PSU Insight

Speak with Power and Passion

Your Style of Speaking

When you're preparing to give a presentation, one of the first things you need to consider is, what style should you use for your presentation?

In general, presentations ― whether they're TED Talks, Toastmasters speeches, sales pitches, or presentations to local groups ― range in style from conversational to theatrical (also called oratorical). One style is not better than another. They're simply different, and one is usually more appropriate than another in a particular situation.

"Conversational", as the term implies, is very much like the way one person talks to another person, except that a conversational presentation is usually one-sided and you talk for an extended period. "Theatrical" is more dramatic; it doesn't sound like a conversation as much as it resembles a Shakespearean performance.

As extreme examples, the question "What do you want to do after you graduate?" is conversational; it could be uttered in either a speech before thousands of people, or in a conversation between two people on a front porch.

In contrast, "I ask you one simple question — have you found your purpose in life? Your destiny awaits!" is decidedly theatrical. You wouldn't say that in a conversation; it sounds awkward and stilted. But spoken from the stage, it could be very effective (in the right circumstances).

Again, neither style is better than the other; it depends on the situation, and on the effect that you want to produce.

In his Inaugural Address, John F. Kennedy uttered the famous line "Ask not what your country can do for you. Ask what you can do for your country." ― stirring words that are remembered decades later. It wouldn't have been nearly as effective if Kennedy had said "C'mon guys, stop looking for handouts from the government. Do something for others!"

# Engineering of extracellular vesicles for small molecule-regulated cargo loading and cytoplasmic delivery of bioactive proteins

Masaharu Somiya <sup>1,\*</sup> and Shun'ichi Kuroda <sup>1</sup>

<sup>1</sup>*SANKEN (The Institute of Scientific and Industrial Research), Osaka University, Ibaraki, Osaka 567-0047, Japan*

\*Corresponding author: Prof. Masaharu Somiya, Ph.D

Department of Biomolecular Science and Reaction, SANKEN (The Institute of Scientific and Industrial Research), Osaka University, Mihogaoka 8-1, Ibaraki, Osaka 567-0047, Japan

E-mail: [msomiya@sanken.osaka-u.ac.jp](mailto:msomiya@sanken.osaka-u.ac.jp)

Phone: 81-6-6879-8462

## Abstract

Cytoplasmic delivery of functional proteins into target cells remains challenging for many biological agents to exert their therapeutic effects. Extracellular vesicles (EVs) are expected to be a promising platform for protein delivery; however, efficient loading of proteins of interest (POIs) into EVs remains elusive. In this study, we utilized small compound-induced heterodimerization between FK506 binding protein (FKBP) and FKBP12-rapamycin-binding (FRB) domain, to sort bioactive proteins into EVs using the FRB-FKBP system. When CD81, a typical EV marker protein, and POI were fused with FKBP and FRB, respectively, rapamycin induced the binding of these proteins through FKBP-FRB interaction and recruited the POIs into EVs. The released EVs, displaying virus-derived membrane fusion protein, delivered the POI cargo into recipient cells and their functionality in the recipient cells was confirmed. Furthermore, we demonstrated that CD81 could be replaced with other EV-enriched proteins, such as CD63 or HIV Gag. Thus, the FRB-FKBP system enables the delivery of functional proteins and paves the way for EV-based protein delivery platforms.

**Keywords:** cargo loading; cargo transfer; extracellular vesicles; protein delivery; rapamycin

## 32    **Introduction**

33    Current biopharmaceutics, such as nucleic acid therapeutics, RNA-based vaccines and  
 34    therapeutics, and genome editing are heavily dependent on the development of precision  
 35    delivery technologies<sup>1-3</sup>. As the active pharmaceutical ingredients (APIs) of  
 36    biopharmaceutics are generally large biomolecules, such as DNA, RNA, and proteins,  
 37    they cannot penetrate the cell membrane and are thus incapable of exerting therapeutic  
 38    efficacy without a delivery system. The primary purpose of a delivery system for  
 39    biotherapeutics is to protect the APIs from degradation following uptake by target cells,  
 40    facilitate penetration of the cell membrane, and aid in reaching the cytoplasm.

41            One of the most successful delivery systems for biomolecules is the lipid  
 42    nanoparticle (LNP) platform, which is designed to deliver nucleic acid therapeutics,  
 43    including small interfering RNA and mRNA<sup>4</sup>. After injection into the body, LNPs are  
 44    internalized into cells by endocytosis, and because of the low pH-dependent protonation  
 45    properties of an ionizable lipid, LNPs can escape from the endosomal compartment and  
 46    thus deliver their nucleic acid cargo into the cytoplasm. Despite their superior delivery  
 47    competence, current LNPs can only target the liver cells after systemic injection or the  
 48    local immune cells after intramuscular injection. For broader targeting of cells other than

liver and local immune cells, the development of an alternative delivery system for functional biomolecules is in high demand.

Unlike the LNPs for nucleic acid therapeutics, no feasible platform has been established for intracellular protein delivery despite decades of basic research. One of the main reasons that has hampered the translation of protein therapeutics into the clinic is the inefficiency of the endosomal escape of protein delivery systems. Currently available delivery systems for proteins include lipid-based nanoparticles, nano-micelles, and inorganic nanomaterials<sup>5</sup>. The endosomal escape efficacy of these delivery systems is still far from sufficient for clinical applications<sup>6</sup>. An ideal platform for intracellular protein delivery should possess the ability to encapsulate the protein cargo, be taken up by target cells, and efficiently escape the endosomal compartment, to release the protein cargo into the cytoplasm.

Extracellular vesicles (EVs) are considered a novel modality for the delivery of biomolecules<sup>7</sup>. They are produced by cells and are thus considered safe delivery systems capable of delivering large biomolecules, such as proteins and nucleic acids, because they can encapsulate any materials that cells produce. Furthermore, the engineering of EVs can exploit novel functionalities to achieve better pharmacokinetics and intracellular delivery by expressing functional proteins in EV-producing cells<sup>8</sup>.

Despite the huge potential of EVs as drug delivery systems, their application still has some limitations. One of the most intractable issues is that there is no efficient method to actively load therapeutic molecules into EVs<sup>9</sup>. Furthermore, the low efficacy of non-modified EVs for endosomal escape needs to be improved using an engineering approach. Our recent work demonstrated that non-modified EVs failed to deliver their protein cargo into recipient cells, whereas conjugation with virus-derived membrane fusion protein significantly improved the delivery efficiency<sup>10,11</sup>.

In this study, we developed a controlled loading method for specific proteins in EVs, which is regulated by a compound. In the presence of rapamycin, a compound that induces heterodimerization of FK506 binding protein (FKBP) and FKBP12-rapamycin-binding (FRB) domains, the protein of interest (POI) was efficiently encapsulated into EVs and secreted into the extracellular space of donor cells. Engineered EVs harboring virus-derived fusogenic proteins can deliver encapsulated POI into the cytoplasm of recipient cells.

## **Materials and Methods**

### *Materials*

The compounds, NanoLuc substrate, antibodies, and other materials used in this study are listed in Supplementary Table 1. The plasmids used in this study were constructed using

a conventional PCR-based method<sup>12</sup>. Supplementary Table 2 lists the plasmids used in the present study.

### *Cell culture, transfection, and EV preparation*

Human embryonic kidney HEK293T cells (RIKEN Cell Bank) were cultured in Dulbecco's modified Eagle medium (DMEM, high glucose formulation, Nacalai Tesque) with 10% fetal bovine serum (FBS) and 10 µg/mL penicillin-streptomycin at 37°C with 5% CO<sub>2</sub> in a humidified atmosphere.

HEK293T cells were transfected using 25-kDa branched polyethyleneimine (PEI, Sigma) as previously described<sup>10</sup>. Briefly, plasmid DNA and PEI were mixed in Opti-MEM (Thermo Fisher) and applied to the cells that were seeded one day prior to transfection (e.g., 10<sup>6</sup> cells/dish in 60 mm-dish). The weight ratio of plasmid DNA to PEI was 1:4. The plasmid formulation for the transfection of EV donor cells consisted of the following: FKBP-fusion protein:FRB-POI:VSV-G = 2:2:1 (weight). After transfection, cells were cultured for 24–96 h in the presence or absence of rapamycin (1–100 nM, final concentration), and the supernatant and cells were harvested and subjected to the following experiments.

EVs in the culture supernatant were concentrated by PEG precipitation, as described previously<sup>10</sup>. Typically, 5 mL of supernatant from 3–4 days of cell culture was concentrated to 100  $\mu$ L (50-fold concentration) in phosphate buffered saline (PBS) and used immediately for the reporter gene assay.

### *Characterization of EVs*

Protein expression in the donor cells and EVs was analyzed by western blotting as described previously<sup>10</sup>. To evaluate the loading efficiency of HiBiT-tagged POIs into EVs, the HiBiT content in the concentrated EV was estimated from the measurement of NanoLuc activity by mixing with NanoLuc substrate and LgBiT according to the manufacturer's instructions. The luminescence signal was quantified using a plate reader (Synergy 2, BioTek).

So for State of the Union addresses and other formal speeches, the theatrical approach is usually much better.

But imagine if Kennedy had been addressing a group of high school students getting ready to graduate. Saying to them "Ask not what your country can do for you!" would have left them cold. In that particular situation, saying "C'mon guys, stop looking for handouts from the government" would have been much more effective.

Those are extreme examples. Your particular presentation will probably fall somewhere in between. Not only that, but it can be quite effective if any one presentation is more theatrical in some places and more conversational in others. (Going more theatrical in a conversational presentation is a great way to provide emphasis. Going more conversational in an otherwise theatrical speech builds a rapport with your audience.)

In general, the theatrical approach is more authoritative and commanding; you're telling people what to do or think. On the other hand, the conversational approach is more peer-to-peer; you're providing helpful information or describing something.

So if you're speaking to your neighbors at a community get-together, or your fellow employees at a business meeting, or a small group of people at a luncheon, using a conversational style is usually your best choice.

But if you're speaking at a political campaign rally or some formal occasion, then a theatrical style will possibly work well.

For your particular presentation, pick the style that works best for you.